The feast-or-famine A’s managed to prove that they are not the only team with serious bullpen issues tonight, in a 9-2 trouncing of the hated Angels.
It’s easy to forget, but this game started off as a heated pitchers duel. Both pitchers game up one run in the early going. The A’s offense started out strong against Weaver, starting with a Fuld leadoff single and a stolen base. Stephen Vogt, who just keeps hitting at a ridiculous clip, moved him over to 3rd with a single of his own, and Billy Butler drove him in with a groundout. The smallball A’s, I guess.
The stolen base was one of big stories of tonight’s game. The A’s were the last team in the MLB to get a stolen base this year. But they are running at an astoundingly successful rate — 11 for 11. A team built around Stephen Vogt, Ike Davis, and Billy "Wheels" Butler doesn’t sound like especially speedy, but some of these guys can run. Semien, Canha, Fuld, and Sogard all walked away with stolen bases.
Jered Weaver managed to settle down after that, surrendering only that one run over his six innings. This is despite a fastball that obeys the speed limit. Facing the good version of Weaver is seriously frustrating.
It was up to Sonny Gray to be the stopper. And he did his job, mostly. He allowed one run in the third inning, off of a double, wild pitch, and groundout. The Angels threatened in the 4th, loading the bases on back-to-back walks, but Sonny somehow managed to walk away without a scratch. After that, he entirely settled down and retired the next 11 batters in a row, before he exited with 95 pitches after the 7th inning.
In all, I think this was Sonny’s best start of the season. He may have walked two guys, a season high (!!!), but he also added 7 Ks and only allowed 2 hits.
Sonny’s moved a bit away from the strikeout, preferring to use his sinker and offspeed stuff in the zone to get groundball outs. That approach lets him be efficient, but it also leads to the propensity to get singled to death. My favorite version of Sonny is the one that pitches a bit wild, but strikes people out. So, so many things can go wrong with a groundball. Nothing can go wrong with a good old-fashioned strikeout.
The biggest story of tonight’s game was the offense, and the total bullpen collapse of the Angels in the 7th inning. The A’s batted around that inning, adding runs on a Vogt single (because he’s the best), a massive Butler homer, and a Brett Lawrie infield single.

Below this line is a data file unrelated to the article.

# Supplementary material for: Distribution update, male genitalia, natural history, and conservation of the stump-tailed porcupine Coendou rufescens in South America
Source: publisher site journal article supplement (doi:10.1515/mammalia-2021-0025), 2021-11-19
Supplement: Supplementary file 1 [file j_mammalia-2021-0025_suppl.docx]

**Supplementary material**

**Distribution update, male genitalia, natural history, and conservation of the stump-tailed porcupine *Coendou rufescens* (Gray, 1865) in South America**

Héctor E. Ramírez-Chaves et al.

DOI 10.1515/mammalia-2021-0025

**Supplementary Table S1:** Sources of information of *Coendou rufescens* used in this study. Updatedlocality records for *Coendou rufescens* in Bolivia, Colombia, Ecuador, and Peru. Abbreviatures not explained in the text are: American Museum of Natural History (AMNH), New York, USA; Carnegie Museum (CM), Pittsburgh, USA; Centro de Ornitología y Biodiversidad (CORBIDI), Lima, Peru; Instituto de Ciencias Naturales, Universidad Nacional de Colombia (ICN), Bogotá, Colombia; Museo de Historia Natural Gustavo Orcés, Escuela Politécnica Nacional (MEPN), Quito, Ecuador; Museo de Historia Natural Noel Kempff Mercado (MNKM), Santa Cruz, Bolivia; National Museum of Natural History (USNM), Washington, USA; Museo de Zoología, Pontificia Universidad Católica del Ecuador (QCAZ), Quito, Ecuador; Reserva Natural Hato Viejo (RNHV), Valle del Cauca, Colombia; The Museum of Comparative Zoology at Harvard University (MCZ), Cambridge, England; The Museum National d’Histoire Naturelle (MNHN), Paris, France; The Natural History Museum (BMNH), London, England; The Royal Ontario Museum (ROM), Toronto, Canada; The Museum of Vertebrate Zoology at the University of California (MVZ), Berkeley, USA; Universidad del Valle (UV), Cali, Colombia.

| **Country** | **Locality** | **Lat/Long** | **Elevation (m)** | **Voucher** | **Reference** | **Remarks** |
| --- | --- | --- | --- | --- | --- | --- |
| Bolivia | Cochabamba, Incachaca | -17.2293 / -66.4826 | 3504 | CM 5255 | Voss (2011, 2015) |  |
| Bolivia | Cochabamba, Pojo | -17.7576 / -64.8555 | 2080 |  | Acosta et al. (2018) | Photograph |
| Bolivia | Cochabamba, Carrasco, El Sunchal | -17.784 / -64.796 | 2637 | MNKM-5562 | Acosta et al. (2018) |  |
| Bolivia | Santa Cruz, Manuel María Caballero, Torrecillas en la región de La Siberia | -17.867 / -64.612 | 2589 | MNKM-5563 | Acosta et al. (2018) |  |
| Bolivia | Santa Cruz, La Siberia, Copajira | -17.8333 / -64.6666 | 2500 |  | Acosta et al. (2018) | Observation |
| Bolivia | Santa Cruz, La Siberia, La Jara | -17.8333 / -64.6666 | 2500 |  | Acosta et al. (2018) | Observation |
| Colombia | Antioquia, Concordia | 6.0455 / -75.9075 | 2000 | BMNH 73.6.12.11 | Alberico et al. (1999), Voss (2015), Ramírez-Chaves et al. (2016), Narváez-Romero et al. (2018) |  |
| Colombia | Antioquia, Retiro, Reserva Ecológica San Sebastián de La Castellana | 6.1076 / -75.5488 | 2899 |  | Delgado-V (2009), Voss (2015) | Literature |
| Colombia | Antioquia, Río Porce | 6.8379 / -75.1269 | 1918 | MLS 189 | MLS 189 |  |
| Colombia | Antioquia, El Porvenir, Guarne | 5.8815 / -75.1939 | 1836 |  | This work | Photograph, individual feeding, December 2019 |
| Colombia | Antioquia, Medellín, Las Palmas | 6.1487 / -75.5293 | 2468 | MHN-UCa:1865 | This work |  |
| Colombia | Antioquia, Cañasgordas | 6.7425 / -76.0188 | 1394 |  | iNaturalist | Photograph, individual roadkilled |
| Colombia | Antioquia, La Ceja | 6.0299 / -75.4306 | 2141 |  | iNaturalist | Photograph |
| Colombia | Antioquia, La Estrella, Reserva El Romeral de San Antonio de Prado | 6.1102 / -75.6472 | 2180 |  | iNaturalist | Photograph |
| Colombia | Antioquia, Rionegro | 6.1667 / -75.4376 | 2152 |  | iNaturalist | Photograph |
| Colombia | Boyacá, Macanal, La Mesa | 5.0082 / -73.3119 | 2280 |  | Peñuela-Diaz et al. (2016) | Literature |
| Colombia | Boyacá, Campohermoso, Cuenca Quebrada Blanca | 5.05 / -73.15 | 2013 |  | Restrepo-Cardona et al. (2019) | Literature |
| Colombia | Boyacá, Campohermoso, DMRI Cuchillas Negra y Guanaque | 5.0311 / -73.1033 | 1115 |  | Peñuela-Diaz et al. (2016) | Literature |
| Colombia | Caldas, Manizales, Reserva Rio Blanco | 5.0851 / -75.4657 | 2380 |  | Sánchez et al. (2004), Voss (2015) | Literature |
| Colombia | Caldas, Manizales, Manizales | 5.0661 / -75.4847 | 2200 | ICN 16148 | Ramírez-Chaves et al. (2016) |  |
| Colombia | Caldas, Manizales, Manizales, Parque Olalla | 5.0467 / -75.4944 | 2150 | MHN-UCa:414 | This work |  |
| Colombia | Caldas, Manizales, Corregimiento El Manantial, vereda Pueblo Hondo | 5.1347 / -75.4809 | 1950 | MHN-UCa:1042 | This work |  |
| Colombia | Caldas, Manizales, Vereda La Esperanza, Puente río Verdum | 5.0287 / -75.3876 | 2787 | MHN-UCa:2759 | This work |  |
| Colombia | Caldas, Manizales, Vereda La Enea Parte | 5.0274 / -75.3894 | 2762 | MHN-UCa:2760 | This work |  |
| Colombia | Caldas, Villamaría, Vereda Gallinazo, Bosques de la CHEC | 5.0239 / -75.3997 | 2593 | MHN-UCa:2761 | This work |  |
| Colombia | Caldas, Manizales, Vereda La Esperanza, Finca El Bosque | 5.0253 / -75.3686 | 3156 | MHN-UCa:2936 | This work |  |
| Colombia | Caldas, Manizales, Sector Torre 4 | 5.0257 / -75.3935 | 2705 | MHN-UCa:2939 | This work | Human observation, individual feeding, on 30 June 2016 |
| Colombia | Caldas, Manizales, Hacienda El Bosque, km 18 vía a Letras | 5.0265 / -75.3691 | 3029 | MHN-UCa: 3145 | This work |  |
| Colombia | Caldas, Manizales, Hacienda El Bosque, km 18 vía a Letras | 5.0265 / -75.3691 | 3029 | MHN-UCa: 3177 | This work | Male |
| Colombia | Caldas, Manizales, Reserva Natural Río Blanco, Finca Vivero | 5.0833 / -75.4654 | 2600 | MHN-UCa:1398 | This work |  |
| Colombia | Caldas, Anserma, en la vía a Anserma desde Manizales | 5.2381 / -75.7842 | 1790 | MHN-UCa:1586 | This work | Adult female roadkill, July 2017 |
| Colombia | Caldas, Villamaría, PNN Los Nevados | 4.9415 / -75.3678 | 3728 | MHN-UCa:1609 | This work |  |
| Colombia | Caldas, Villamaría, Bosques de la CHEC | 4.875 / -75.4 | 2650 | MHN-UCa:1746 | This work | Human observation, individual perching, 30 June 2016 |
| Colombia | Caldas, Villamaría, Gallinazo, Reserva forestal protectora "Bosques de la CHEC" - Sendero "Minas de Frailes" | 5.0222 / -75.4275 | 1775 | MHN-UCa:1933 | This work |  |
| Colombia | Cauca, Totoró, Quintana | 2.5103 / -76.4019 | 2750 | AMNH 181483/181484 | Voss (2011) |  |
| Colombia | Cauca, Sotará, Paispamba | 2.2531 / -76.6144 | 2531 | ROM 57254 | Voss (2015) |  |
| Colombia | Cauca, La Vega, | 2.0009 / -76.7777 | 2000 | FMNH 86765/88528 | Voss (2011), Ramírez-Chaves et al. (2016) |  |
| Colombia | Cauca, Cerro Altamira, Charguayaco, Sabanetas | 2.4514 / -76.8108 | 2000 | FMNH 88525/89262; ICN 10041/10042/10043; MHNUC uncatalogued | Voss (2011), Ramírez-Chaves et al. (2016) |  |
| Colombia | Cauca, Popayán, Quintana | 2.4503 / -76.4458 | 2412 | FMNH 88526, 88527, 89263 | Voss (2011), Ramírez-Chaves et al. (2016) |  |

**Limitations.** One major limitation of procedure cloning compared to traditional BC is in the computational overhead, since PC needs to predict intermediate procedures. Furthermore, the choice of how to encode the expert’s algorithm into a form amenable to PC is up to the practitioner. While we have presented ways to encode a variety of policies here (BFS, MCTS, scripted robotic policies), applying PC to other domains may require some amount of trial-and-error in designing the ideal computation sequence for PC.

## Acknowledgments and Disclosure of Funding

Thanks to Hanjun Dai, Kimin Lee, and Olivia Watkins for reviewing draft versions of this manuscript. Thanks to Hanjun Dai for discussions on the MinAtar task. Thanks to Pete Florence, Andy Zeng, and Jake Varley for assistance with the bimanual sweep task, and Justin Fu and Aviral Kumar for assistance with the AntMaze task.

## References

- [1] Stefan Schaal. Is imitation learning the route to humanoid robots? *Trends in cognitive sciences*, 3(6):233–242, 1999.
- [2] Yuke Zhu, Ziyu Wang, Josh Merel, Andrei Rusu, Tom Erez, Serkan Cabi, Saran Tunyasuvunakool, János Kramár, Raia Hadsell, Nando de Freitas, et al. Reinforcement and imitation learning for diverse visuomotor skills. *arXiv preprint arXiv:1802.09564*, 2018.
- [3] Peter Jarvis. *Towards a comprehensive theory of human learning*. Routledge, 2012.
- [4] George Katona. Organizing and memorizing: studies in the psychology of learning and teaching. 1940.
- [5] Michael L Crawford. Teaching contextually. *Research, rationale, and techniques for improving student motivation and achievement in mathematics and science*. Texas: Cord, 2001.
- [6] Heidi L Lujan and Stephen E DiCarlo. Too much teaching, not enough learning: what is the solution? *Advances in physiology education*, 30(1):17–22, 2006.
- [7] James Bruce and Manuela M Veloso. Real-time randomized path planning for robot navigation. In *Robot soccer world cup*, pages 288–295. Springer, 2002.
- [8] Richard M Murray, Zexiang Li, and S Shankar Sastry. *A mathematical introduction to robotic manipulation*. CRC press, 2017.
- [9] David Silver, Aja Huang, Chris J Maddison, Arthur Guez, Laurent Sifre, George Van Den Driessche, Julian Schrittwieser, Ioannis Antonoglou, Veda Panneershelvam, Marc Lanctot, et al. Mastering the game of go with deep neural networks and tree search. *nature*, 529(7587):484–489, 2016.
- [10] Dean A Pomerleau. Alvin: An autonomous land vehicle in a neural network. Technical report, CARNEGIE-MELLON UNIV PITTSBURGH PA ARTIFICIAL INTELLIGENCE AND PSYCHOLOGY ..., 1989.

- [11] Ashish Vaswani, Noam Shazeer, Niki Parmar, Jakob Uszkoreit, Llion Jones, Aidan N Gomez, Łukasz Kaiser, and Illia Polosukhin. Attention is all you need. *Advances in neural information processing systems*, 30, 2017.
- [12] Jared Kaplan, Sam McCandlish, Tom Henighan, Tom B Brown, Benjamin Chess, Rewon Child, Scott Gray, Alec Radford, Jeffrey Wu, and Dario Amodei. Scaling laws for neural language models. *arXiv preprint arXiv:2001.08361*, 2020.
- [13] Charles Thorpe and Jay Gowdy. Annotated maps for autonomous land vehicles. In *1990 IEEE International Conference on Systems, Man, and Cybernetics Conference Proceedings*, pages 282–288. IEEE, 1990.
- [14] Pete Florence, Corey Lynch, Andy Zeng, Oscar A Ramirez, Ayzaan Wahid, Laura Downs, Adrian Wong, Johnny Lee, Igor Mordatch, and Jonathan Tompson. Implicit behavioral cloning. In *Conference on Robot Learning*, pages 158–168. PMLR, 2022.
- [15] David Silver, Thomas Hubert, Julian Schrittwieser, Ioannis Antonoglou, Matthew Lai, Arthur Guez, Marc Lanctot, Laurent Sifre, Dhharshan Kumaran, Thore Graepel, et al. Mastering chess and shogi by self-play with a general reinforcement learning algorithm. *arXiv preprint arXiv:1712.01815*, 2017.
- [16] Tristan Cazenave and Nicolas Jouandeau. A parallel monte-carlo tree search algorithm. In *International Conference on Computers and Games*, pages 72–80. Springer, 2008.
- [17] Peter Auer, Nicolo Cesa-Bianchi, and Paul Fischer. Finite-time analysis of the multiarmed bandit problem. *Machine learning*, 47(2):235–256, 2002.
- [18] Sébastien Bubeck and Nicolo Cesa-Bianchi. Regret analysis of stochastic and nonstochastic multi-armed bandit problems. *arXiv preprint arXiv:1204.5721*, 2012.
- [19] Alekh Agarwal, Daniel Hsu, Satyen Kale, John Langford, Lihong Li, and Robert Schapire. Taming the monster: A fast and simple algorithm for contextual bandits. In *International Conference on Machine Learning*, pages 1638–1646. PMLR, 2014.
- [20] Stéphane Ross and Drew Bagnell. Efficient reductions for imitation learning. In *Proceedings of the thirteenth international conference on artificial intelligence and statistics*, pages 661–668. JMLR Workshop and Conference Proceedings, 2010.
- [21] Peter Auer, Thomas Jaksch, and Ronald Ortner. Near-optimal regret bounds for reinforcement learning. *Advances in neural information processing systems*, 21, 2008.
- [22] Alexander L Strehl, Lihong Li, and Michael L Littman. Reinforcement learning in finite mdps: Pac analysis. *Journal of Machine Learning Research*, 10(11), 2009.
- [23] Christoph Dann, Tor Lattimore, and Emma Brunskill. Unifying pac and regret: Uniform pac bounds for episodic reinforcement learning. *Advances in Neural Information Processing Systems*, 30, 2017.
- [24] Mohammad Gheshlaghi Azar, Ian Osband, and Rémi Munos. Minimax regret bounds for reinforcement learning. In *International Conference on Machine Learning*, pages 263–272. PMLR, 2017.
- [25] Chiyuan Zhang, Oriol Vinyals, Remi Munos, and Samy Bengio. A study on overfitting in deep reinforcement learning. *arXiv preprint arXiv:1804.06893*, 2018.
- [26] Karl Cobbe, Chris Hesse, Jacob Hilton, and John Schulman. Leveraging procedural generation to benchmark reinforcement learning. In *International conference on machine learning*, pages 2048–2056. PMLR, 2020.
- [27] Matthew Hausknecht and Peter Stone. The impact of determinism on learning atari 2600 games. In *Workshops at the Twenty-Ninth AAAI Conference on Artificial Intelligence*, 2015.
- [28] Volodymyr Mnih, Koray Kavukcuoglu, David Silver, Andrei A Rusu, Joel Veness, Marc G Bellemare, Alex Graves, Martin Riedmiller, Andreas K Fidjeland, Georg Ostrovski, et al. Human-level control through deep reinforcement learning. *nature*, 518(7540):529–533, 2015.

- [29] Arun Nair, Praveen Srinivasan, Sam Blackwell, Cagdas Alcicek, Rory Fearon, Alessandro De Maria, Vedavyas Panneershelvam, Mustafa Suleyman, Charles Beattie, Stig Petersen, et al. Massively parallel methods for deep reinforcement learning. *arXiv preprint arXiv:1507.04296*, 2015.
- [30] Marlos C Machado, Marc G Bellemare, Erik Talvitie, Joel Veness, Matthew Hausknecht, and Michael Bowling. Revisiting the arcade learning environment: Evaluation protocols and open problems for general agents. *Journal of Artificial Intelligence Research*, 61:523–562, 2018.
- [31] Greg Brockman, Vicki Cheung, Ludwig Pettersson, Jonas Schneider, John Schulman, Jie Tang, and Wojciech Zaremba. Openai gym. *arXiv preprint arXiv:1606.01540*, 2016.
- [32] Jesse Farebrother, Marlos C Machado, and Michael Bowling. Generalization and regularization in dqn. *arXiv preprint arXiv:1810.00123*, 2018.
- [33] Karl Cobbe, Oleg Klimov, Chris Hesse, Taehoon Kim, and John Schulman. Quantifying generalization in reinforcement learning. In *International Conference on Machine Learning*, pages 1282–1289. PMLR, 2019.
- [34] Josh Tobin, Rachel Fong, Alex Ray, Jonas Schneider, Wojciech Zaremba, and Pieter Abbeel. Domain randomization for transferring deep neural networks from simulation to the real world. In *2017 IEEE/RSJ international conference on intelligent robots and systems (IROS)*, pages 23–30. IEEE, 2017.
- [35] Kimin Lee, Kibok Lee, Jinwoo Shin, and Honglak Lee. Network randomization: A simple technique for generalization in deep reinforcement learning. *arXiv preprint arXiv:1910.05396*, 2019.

Here’s a fun fact If you want to feel good about the 3-year commitment that is the Billy Butler deal: last year, Butler didn’t hit his second homer until June 14th last year. It’s mid-April, and he’s got three. Not, not bad. Especially if he continues hitting in the .360s, which I find totally reasonable.
The A’s added three more runs in the 8th inning, off of Mike Morin. This is a guy who had a 2.90 ERA last year, and peripherals that mostly backed that performance up. Bullpens are flukey and dumb and impossible to predict, hence the 7.11 ERA he now sports.
Scribner pitched a clean 8th inning. Bullpens are flukey and impossible to predict, but I really think Scribner is one of the 3 best arms currently in ours. He’s been mostly doing mop-up duty, which I find criminal. His fastball darts all over the place, his velocity is excellent, his curveball snaps. He has a 0.93 BB/9 rate, which is incredible. I really like 2015 Scribner, and it’d be fantastic for nostalgia if one of the 2012 heroes found a bigger role on the team.
Arnold Leon made his debut in the 9th inning, and it went okay. He allowed one run, which, if you’re making your MLB debut against two guys destined for the Hall of Fame (Mike Trout and Albert Pujols), is totally acceptable. The stuff was fine — 92 MPH fastball, decent curveball, a changeup that existed. He’ll be fine as a long reliever.
Thus, the A’s reversed last night’s script. This time, the Angels looked sloppy and bad at baseball, and the A’s were firing on all cylinders. That’s a nice feeling, even if this team is doomed to hang around .500 for all eternity.